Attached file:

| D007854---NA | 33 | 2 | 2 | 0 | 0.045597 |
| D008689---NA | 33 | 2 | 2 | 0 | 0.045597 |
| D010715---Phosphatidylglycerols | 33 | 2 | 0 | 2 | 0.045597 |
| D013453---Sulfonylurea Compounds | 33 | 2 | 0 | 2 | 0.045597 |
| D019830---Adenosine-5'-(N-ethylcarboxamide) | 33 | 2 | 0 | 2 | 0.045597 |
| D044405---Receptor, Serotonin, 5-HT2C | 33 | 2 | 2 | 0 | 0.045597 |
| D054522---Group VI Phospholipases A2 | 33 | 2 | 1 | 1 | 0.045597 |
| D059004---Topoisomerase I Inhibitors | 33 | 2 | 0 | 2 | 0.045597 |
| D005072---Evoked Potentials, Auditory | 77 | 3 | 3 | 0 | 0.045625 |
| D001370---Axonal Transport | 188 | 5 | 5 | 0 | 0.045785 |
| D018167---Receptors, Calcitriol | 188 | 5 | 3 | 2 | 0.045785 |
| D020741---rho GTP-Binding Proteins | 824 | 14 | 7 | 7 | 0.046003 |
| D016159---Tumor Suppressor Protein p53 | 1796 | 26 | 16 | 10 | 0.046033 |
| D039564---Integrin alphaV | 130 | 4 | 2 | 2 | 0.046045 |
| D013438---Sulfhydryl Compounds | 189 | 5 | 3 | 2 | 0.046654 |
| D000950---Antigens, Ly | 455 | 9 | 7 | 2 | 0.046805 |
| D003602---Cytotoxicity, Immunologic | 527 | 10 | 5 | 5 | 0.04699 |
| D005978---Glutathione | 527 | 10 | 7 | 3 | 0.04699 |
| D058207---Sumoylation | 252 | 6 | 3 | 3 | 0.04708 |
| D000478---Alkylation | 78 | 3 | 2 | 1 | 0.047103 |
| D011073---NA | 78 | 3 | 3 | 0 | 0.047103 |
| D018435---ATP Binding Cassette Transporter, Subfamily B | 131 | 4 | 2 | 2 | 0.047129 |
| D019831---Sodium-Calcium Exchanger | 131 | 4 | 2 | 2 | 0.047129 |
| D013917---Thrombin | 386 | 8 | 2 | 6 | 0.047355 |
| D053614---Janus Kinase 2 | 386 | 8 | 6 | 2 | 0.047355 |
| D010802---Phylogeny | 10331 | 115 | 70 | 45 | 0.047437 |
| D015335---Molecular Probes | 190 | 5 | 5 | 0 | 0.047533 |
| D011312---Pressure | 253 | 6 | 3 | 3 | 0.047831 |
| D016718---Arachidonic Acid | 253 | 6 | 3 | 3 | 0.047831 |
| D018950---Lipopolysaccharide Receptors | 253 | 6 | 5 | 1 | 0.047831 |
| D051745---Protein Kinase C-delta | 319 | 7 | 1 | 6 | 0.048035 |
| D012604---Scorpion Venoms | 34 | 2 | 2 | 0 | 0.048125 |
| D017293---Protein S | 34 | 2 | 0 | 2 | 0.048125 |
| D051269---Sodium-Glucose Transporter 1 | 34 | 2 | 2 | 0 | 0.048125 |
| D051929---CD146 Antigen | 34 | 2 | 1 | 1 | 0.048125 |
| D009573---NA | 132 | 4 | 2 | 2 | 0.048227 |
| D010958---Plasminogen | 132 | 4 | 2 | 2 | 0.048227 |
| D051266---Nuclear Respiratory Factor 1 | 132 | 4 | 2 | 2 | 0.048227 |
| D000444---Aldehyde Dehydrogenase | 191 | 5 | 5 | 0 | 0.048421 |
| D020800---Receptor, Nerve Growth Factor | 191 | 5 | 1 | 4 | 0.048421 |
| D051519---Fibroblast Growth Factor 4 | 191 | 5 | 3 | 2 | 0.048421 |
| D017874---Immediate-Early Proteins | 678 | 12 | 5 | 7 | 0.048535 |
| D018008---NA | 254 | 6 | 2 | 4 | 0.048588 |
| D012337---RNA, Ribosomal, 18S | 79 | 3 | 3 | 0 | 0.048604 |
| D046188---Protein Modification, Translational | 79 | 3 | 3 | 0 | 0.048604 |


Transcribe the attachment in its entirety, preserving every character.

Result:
| D007854---NA | 33 | 2 | 2 | 0 | 0.045597 |
| D008689---NA | 33 | 2 | 2 | 0 | 0.045597 |
| D010715---Phosphatidylglycerols | 33 | 2 | 0 | 2 | 0.045597 |
| D013453---Sulfonylurea Compounds | 33 | 2 | 0 | 2 | 0.045597 |
| D019830---Adenosine-5'-(N-ethylcarboxamide) | 33 | 2 | 0 | 2 | 0.045597 |
| D044405---Receptor, Serotonin, 5-HT2C | 33 | 2 | 2 | 0 | 0.045597 |
| D054522---Group VI Phospholipases A2 | 33 | 2 | 1 | 1 | 0.045597 |
| D059004---Topoisomerase I Inhibitors | 33 | 2 | 0 | 2 | 0.045597 |
| D005072---Evoked Potentials, Auditory | 77 | 3 | 3 | 0 | 0.045625 |
| D001370---Axonal Transport | 188 | 5 | 5 | 0 | 0.045785 |
| D018167---Receptors, Calcitriol | 188 | 5 | 3 | 2 | 0.045785 |
| D020741---rho GTP-Binding Proteins | 824 | 14 | 7 | 7 | 0.046003 |
| D016159---Tumor Suppressor Protein p53 | 1796 | 26 | 16 | 10 | 0.046033 |
| D039564---Integrin alphaV | 130 | 4 | 2 | 2 | 0.046045 |
| D013438---Sulfhydryl Compounds | 189 | 5 | 3 | 2 | 0.046654 |
| D000950---Antigens, Ly | 455 | 9 | 7 | 2 | 0.046805 |
| D003602---Cytotoxicity, Immunologic | 527 | 10 | 5 | 5 | 0.04699 |
| D005978---Glutathione | 527 | 10 | 7 | 3 | 0.04699 |
| D058207---Sumoylation | 252 | 6 | 3 | 3 | 0.04708 |
| D000478---Alkylation | 78 | 3 | 2 | 1 | 0.047103 |
| D011073---NA | 78 | 3 | 3 | 0 | 0.047103 |
| D018435---ATP Binding Cassette Transporter, Subfamily B | 131 | 4 | 2 | 2 | 0.047129 |
| D019831---Sodium-Calcium Exchanger | 131 | 4 | 2 | 2 | 0.047129 |
| D013917---Thrombin | 386 | 8 | 2 | 6 | 0.047355 |
| D053614---Janus Kinase 2 | 386 | 8 | 6 | 2 | 0.047355 |
| D010802---Phylogeny | 10331 | 115 | 70 | 45 | 0.047437 |
| D015335---Molecular Probes | 190 | 5 | 5 | 0 | 0.047533 |
| D011312---Pressure | 253 | 6 | 3 | 3 | 0.047831 |
| D016718---Arachidonic Acid | 253 | 6 | 3 | 3 | 0.047831 |
| D018950---Lipopolysaccharide Receptors | 253 | 6 | 5 | 1 | 0.047831 |
| D051745---Protein Kinase C-delta | 319 | 7 | 1 | 6 | 0.048035 |
| D012604---Scorpion Venoms | 34 | 2 | 2 | 0 | 0.048125 |
| D017293---Protein S | 34 | 2 | 0 | 2 | 0.048125 |
| D051269---Sodium-Glucose Transporter 1 | 34 | 2 | 2 | 0 | 0.048125 |
| D051929---CD146 Antigen | 34 | 2 | 1 | 1 | 0.048125 |
| D009573---NA | 132 | 4 | 2 | 2 | 0.048227 |
| D010958---Plasminogen | 132 | 4 | 2 | 2 | 0.048227 |
| D051266---Nuclear Respiratory Factor 1 | 132 | 4 | 2 | 2 | 0.048227 |
| D000444---Aldehyde Dehydrogenase | 191 | 5 | 5 | 0 | 0.048421 |
| D020800---Receptor, Nerve Growth Factor | 191 | 5 | 1 | 4 | 0.048421 |
| D051519---Fibroblast Growth Factor 4 | 191 | 5 | 3 | 2 | 0.048421 |
| D017874---Immediate-Early Proteins | 678 | 12 | 5 | 7 | 0.048535 |
| D018008---NA | 254 | 6 | 2 | 4 | 0.048588 |
| D012337---RNA, Ribosomal, 18S | 79 | 3 | 3 | 0 | 0.048604 |
| D046188---Protein Modification, Translational | 79 | 3 | 3 | 0 | 0.048604 |